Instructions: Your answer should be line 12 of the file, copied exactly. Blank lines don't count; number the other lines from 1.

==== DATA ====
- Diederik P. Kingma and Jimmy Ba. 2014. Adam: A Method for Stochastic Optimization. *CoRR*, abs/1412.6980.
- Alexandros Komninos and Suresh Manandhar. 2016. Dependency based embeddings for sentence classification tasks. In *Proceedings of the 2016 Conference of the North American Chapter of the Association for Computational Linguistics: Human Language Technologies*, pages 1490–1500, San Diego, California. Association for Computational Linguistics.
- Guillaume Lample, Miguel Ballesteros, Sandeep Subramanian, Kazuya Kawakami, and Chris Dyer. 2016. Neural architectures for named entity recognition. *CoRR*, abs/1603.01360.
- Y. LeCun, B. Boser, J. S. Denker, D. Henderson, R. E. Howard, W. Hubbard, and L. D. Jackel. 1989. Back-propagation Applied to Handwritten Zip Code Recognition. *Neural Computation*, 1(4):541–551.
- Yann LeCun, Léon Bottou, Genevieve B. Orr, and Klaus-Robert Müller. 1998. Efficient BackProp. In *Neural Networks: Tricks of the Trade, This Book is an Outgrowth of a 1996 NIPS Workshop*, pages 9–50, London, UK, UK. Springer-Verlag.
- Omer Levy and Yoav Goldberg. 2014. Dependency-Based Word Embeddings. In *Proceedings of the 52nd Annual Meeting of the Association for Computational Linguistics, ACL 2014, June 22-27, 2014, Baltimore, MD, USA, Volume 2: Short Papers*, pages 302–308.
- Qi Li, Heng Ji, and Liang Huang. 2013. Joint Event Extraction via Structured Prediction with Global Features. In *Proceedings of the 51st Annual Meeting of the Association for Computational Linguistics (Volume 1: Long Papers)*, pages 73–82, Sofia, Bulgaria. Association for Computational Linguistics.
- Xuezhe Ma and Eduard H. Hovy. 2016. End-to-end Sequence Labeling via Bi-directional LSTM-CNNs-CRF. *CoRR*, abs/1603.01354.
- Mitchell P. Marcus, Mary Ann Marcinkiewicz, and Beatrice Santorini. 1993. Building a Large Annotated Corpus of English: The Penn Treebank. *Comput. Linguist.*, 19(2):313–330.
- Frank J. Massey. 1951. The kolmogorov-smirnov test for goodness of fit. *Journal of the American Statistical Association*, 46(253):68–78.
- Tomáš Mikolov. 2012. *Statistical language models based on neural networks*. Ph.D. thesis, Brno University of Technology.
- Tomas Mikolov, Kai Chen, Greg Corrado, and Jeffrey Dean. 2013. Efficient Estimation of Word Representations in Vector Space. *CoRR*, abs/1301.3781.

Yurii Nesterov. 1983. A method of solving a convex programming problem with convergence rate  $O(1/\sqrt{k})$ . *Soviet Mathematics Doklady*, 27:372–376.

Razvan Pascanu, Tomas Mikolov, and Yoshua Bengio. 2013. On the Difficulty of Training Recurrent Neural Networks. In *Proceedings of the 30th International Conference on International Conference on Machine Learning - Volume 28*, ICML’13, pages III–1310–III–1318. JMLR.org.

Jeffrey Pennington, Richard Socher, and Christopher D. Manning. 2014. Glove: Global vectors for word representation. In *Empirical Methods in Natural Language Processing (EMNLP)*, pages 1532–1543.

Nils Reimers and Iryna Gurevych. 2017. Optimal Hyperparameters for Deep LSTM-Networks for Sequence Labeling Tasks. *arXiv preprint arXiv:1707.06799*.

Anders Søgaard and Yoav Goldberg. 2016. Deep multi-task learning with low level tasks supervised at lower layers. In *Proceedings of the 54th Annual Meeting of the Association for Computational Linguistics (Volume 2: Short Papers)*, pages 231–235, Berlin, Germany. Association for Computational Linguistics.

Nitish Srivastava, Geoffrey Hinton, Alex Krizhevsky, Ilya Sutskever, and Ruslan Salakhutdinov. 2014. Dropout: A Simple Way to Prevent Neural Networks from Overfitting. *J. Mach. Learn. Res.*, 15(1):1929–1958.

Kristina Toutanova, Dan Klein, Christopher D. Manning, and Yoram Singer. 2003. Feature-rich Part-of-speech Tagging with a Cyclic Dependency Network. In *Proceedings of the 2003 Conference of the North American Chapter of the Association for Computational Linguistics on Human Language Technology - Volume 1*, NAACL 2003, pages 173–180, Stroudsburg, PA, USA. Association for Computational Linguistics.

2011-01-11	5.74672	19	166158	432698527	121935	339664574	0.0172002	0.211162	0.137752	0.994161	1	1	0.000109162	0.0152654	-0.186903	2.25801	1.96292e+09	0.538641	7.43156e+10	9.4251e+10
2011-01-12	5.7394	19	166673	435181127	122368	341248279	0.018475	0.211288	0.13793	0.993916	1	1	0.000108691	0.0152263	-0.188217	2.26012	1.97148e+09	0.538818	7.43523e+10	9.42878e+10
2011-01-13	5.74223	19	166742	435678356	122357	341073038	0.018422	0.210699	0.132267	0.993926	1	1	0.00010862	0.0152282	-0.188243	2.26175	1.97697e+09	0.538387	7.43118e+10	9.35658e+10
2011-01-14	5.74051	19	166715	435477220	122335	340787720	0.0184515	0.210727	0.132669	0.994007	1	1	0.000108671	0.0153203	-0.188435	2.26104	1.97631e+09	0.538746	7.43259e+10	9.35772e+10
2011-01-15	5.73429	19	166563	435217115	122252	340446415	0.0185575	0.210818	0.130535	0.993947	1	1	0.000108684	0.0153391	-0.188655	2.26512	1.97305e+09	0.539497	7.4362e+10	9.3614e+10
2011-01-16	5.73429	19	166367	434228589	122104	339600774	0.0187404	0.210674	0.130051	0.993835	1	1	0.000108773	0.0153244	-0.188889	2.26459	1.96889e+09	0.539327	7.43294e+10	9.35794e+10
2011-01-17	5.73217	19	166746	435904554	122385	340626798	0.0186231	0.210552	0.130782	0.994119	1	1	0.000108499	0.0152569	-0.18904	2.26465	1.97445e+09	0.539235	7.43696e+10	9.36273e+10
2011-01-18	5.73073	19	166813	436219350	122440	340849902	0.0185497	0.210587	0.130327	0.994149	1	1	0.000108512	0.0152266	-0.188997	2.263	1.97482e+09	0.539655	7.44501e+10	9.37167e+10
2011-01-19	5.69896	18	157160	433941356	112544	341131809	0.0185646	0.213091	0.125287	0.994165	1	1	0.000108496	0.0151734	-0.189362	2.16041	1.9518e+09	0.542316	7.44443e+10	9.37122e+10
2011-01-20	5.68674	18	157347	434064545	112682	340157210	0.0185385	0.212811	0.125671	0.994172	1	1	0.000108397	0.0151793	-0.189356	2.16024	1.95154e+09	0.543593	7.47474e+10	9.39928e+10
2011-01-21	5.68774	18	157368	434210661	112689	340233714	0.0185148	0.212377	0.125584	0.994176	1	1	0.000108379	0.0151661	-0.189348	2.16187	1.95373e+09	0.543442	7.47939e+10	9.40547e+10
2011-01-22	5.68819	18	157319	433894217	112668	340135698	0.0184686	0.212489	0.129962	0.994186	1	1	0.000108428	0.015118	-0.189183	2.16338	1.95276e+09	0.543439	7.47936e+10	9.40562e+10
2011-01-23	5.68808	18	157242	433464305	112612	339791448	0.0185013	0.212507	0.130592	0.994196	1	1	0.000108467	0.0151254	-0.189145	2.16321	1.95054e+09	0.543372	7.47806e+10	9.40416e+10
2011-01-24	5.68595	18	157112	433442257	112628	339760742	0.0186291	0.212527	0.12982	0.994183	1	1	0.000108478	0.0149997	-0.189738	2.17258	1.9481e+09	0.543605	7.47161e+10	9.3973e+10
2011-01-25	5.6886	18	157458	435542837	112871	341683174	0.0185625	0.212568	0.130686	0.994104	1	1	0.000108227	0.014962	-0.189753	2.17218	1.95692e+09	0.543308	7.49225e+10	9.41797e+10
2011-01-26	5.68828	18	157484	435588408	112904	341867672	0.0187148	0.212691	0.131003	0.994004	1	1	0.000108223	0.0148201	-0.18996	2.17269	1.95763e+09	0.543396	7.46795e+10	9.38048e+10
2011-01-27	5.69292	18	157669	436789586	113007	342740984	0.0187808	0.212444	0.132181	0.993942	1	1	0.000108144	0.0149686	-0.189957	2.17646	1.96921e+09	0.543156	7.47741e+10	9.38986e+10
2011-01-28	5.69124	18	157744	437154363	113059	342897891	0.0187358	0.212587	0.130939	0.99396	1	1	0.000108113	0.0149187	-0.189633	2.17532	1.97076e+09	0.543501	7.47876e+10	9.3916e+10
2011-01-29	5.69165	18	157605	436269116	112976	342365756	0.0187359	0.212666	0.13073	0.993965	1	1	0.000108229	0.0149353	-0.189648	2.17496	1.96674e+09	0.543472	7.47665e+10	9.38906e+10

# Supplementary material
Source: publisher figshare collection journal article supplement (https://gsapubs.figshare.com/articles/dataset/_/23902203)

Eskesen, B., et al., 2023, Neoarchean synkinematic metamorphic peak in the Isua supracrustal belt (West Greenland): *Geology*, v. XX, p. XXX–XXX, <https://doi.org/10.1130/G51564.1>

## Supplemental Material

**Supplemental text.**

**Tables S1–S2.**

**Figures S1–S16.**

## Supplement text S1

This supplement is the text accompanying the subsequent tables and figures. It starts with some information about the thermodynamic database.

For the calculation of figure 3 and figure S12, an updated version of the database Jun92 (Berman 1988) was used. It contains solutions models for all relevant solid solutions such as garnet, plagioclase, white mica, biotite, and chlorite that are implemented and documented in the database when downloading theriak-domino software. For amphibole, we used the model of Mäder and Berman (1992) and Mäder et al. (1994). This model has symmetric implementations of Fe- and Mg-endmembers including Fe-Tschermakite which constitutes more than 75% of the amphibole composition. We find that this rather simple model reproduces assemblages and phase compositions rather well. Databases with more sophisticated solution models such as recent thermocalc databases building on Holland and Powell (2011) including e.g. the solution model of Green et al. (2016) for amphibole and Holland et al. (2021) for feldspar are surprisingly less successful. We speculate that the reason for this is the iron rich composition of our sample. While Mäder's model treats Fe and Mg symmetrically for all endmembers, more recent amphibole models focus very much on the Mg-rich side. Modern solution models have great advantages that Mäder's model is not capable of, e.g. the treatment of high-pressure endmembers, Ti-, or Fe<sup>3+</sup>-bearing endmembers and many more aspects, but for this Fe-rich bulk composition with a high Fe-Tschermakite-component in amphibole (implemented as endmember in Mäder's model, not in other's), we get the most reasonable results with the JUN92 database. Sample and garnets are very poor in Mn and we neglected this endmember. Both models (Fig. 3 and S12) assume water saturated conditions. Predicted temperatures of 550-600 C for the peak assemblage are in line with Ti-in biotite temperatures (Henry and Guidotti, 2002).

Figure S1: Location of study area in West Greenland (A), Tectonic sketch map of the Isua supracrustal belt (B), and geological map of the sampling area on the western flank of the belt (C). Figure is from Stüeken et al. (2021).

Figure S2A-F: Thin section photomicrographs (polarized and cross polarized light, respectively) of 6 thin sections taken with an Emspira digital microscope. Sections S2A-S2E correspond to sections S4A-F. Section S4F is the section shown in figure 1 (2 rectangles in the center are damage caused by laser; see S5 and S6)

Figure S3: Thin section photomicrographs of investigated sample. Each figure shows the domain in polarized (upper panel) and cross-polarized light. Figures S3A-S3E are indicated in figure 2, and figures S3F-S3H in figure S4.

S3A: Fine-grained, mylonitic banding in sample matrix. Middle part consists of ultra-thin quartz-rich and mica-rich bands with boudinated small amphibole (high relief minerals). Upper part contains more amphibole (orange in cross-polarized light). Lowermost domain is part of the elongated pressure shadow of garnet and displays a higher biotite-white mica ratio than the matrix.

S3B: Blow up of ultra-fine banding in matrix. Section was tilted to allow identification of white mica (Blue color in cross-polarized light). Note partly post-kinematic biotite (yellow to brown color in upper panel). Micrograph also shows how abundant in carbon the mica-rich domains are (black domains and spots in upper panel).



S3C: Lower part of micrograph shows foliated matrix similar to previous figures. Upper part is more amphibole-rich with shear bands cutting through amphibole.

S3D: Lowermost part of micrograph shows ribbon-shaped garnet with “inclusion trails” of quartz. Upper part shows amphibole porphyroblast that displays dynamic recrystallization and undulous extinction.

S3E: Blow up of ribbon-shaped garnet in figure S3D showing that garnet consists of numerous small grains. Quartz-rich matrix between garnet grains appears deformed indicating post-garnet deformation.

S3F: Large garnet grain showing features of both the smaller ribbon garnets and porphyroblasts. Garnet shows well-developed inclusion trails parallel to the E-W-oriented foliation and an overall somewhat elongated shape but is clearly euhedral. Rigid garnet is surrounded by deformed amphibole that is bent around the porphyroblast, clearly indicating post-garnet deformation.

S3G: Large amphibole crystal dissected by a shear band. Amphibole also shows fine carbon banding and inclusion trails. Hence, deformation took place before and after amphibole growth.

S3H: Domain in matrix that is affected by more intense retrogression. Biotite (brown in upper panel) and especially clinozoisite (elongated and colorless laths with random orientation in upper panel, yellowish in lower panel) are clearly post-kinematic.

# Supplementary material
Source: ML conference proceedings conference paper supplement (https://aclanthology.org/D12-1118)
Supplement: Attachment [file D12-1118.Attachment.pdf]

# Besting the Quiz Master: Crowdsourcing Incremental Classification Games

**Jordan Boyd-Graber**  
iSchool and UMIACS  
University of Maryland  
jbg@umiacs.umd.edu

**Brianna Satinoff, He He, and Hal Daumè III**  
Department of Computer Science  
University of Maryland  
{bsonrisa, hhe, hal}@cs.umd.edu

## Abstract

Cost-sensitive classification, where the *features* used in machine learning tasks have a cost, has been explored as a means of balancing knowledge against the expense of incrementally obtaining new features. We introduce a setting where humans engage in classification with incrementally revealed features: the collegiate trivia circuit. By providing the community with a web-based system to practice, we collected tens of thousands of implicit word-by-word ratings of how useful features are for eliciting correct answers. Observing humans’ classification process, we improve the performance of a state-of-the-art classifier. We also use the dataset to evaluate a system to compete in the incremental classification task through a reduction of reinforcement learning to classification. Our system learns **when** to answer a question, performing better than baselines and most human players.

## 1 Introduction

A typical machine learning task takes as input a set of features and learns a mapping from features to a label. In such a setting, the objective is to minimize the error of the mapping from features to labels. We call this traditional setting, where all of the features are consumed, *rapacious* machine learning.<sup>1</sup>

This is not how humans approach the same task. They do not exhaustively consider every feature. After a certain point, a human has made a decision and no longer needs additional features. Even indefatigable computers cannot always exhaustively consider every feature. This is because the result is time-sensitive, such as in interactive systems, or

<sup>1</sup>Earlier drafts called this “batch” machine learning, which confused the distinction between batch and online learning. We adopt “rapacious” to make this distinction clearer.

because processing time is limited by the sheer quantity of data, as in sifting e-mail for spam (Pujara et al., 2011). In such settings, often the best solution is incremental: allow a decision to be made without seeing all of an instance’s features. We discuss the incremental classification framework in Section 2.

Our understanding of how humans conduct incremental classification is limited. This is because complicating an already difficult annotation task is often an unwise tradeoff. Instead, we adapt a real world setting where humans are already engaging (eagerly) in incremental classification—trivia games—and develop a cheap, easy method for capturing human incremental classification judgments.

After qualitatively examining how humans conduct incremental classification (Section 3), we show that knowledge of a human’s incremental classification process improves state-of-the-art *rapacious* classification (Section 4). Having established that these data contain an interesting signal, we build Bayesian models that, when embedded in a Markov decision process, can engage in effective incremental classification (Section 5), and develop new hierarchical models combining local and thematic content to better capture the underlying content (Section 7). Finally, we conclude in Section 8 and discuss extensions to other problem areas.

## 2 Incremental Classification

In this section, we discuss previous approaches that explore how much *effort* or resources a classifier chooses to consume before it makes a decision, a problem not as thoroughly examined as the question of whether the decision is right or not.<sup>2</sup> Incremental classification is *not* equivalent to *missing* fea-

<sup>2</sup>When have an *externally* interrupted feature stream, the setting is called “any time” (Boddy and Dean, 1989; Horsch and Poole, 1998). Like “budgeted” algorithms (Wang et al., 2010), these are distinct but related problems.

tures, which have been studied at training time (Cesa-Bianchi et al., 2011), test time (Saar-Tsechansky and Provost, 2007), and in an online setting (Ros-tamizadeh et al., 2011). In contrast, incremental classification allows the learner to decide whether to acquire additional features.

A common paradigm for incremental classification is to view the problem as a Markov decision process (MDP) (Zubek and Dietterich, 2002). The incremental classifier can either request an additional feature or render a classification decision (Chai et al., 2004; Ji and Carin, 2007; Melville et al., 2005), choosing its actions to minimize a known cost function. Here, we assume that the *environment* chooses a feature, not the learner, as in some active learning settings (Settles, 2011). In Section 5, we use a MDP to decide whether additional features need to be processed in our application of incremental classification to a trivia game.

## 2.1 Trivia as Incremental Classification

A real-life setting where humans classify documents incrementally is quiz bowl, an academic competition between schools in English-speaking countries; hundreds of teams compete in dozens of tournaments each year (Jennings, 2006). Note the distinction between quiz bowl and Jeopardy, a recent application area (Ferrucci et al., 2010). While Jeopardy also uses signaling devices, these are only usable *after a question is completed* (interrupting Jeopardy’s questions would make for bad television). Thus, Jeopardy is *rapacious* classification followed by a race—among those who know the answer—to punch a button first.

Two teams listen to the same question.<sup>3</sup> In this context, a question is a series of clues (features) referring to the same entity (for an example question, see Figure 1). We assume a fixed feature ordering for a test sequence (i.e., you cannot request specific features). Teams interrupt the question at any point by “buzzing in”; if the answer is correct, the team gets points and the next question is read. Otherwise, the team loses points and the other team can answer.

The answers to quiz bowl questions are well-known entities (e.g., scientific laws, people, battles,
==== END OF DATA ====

- Tomas Mikolov, Kai Chen, Greg Corrado, and Jeffrey Dean. 2013. Efficient Estimation of Word Representations in Vector Space. *CoRR*, abs/1301.3781.